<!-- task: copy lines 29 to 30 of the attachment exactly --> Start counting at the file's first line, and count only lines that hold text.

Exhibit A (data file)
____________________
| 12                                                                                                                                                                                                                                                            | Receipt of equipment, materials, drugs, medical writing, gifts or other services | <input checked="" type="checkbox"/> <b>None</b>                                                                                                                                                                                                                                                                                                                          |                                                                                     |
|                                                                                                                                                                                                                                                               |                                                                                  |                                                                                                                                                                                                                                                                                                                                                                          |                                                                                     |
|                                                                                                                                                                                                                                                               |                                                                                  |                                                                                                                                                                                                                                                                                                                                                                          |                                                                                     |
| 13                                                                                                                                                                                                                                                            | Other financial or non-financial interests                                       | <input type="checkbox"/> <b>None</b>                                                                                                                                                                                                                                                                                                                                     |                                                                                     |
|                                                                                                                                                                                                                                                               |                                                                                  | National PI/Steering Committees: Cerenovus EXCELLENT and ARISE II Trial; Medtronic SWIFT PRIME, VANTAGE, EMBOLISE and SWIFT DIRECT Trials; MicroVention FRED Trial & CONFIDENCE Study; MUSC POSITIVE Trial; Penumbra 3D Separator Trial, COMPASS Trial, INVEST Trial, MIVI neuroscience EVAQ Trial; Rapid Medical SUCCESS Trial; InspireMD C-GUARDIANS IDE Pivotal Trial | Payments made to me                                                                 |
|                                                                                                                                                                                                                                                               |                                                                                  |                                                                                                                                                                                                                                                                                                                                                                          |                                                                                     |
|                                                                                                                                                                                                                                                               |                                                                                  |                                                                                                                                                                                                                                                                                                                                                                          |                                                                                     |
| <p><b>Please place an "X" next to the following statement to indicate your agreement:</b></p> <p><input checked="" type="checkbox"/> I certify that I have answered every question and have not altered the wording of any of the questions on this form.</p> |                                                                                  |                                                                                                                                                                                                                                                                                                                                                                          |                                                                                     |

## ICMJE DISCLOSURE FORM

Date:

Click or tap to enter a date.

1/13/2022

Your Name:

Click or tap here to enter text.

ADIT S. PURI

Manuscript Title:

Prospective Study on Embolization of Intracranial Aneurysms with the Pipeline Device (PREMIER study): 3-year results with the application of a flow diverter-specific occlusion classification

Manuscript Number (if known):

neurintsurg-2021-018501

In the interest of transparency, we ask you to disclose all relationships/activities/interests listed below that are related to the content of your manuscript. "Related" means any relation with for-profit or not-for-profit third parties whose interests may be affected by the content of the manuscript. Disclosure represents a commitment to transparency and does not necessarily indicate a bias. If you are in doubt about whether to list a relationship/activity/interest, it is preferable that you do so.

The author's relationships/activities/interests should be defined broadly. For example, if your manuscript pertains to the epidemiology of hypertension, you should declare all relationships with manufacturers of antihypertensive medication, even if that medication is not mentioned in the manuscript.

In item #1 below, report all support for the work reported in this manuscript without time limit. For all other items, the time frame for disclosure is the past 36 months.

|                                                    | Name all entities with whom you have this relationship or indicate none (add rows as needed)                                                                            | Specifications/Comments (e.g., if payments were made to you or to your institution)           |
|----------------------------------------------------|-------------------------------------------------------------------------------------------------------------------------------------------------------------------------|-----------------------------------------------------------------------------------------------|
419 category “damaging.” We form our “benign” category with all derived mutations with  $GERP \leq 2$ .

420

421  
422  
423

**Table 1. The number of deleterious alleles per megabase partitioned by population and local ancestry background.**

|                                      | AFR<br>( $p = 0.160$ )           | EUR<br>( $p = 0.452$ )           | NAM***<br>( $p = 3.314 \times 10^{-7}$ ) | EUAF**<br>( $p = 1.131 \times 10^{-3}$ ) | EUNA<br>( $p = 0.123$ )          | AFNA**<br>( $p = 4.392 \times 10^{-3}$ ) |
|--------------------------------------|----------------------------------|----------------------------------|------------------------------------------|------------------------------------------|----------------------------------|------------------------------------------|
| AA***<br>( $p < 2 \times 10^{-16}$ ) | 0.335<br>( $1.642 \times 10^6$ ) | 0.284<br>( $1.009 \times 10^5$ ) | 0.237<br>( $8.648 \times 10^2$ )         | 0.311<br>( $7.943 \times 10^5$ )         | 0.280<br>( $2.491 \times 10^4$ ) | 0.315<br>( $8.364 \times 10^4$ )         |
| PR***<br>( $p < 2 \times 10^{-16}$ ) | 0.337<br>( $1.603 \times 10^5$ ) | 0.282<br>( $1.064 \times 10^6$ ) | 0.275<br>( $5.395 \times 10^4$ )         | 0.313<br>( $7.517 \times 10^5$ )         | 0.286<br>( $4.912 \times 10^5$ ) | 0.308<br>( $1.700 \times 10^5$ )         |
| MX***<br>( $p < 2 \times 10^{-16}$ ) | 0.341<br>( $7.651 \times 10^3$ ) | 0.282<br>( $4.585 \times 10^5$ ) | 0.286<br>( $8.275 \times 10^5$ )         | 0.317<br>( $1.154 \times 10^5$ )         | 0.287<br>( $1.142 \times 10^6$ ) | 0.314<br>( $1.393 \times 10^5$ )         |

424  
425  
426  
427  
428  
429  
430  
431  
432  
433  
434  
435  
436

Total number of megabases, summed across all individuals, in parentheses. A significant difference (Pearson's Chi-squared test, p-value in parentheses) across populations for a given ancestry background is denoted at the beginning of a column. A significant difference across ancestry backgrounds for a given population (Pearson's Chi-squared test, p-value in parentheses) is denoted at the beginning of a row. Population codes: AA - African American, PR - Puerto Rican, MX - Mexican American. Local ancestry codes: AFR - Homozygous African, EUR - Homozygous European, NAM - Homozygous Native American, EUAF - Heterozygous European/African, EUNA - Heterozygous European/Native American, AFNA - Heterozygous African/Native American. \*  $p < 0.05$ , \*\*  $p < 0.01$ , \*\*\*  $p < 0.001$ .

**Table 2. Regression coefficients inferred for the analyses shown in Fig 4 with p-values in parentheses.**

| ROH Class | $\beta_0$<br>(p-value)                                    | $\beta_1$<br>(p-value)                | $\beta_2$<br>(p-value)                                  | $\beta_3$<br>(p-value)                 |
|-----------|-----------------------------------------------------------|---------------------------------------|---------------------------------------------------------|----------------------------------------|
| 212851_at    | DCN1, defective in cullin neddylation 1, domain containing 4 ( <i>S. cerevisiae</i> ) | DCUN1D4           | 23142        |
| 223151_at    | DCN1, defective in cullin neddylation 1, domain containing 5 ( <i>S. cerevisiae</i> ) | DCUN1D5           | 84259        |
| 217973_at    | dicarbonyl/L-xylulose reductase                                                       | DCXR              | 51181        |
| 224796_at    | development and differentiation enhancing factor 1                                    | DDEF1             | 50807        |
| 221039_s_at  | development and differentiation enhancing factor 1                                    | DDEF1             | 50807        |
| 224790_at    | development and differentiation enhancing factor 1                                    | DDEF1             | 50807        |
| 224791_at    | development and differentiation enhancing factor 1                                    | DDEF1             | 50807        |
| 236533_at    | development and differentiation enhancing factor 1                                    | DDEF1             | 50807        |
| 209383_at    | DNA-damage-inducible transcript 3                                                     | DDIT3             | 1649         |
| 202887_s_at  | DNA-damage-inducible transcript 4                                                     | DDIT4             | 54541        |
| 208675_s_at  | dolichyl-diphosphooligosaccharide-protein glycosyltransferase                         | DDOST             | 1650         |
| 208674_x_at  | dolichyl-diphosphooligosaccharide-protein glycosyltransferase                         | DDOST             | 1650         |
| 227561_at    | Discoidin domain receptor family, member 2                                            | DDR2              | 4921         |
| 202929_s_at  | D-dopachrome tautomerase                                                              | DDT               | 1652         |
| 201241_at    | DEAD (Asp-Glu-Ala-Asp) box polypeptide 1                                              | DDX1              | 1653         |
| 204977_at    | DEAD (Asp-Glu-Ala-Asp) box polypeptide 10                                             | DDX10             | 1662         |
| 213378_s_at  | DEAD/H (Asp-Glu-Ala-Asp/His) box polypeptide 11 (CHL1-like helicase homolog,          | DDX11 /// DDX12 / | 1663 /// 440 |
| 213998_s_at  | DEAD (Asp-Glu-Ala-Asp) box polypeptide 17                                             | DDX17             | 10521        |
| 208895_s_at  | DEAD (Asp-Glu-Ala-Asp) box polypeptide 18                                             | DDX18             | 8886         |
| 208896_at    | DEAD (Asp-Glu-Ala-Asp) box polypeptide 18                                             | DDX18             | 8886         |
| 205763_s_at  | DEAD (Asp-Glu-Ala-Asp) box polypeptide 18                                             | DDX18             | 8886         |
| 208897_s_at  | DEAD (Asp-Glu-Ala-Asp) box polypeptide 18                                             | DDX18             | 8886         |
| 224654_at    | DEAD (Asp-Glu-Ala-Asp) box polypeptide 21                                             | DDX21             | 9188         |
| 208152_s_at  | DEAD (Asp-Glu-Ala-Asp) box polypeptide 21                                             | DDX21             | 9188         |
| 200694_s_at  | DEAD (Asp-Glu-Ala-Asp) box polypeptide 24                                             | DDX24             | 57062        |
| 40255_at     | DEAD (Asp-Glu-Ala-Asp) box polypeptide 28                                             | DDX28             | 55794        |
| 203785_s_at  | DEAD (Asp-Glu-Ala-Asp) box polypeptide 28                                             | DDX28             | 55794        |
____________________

423

**Table 1. The number of deleterious alleles per megabase partitioned by population and local ancestry background.**